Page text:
Salmond in Scottish business finance call

Scottish money
Image caption Mr Salmond wants "decisive action" to ensure banks lend to businesses

Alex Salmond has called on the UK government to act quickly to ensure banks lend money to small businesses.

In a letter to Business Secretary Vince Cable, the first minister said a lack of lending was having a severe impact on Scottish firms.

In February the Federation of Small Businesses (FSB) in Scotland said many small firms had been forced to dip into their own savings over the past year.

Mr Salmond called on the coalition government to take "decisive action".

Savings raided

Mr Salmond wrote: "Our small and medium-sized companies are the bedrock of the Scottish economy and employ around one million people right across the country.

"Their growth and future success are central to our economic prosperity.

"I, therefore, welcome your recent comments that more needs to be done to ensure that banks support the recovery.

"However, it is decisive action that is required."

The FSB report found that 48% of businesses did not borrow any money in the last 12 months while 47% reported a drop in profits.

Also, 48% of members in Scotland used a bank overdraft to survive, 38% raided their savings, 31% used their retained profits and 22% relied on credit cards.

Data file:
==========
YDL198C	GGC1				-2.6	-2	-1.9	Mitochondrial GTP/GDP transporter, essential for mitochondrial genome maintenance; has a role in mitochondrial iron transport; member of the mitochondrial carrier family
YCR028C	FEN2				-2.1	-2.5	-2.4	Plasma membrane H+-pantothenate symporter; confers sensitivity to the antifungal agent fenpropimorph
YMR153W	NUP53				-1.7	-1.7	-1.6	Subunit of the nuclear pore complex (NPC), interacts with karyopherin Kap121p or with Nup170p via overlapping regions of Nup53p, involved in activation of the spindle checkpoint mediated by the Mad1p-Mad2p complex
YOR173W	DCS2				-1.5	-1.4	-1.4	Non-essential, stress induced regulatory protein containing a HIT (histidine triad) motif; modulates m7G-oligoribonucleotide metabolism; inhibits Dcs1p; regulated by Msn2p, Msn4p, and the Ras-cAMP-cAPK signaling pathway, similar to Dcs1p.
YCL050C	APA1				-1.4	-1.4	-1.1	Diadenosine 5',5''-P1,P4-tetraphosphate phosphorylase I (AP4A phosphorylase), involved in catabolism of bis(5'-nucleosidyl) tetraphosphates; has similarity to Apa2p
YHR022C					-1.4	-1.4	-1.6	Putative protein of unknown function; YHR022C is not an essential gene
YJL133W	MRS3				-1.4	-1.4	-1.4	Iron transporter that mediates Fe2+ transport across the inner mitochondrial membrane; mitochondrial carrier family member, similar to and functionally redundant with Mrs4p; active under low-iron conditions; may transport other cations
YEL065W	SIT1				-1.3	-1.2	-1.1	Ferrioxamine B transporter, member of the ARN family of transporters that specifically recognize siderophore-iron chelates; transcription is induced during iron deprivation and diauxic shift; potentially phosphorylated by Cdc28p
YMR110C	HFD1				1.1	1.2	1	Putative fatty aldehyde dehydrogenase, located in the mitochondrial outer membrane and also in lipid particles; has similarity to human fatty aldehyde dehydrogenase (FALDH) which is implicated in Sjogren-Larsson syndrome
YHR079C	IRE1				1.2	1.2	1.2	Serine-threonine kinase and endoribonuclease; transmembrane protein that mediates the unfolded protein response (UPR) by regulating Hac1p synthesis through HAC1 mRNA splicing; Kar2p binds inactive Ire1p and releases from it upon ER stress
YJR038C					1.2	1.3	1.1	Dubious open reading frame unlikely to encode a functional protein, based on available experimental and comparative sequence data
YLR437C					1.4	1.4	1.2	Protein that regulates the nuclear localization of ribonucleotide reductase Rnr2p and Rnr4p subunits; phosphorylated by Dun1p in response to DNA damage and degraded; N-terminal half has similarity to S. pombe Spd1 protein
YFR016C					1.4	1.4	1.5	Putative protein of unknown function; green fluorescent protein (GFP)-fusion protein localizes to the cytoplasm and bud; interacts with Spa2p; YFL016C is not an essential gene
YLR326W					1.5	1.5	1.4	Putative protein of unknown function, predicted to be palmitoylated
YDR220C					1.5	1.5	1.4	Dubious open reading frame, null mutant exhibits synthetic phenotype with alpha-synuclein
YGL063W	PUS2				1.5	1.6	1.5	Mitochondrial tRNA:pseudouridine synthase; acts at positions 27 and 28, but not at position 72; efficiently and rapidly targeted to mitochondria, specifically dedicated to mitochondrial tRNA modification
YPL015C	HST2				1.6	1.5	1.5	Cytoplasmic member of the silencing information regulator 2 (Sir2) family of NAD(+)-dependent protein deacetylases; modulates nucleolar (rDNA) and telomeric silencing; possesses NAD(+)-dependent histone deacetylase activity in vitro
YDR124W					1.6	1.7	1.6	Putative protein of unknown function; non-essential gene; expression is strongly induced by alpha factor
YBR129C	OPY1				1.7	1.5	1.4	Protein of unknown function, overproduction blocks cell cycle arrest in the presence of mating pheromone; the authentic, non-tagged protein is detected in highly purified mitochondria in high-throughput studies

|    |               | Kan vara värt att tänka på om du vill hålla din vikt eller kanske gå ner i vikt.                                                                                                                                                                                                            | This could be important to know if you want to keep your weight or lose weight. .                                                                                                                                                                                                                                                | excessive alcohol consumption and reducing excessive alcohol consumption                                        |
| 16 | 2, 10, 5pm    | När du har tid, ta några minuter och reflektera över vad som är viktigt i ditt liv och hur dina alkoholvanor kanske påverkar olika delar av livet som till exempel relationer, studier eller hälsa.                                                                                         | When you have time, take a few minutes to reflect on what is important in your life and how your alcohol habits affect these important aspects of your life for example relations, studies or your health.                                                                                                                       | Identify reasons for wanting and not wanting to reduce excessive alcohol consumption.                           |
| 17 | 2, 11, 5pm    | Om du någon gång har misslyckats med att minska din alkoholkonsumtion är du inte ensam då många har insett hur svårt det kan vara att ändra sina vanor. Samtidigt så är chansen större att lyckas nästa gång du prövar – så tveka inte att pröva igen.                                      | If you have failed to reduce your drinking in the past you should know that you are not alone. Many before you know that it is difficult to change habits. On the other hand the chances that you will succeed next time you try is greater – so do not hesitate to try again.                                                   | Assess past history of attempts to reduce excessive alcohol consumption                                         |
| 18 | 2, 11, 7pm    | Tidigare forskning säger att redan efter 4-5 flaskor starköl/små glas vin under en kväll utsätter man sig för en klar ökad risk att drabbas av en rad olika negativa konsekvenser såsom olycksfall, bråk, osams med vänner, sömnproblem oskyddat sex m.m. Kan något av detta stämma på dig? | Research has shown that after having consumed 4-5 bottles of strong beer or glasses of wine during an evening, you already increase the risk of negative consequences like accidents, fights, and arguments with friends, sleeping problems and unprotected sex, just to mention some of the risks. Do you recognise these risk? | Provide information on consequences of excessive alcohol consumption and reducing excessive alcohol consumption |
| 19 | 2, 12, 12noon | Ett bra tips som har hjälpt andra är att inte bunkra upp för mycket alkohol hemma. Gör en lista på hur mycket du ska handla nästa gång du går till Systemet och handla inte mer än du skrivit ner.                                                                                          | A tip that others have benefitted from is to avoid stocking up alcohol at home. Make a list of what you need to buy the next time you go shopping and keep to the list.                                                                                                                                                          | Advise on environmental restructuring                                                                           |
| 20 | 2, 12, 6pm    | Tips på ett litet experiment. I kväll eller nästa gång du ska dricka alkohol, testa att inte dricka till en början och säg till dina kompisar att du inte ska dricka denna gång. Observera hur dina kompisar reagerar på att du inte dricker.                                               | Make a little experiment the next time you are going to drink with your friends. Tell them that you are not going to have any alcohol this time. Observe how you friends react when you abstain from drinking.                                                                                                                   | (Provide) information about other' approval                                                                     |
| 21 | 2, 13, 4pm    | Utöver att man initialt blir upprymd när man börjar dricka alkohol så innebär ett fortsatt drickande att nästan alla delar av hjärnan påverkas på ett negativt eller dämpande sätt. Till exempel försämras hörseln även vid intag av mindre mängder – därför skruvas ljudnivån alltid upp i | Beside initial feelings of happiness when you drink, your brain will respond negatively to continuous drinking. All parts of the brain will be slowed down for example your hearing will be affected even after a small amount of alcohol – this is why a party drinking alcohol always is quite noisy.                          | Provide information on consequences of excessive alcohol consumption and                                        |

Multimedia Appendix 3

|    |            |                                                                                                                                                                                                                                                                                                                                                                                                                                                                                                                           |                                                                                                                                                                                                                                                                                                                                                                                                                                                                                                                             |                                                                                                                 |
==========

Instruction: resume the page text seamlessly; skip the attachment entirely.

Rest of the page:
Mr Salmond said it was "imperative" that urgent measures were put in place to increase the flow of affordable finance.

'Range of products'

He wrote: "Previous requirements on bank lending have not proved sufficient and a more targeted and robust approach is required.

"Within this it is vital that such action considers not just the level and affordability of finance, but also the range and scope of products being offered by banks."

Mr Salmond said it was crucial that such measures had an opportunity to have a positive effect before the reductions in public spending fed through to the economy.

Mr Salmond, who held talks with Mr Cable in Edinburgh in June, repeated the Scottish government's concerns that the coalition's planned spending cuts were "too fast and too deep" and would come at a time when the economy was at its most fragile.

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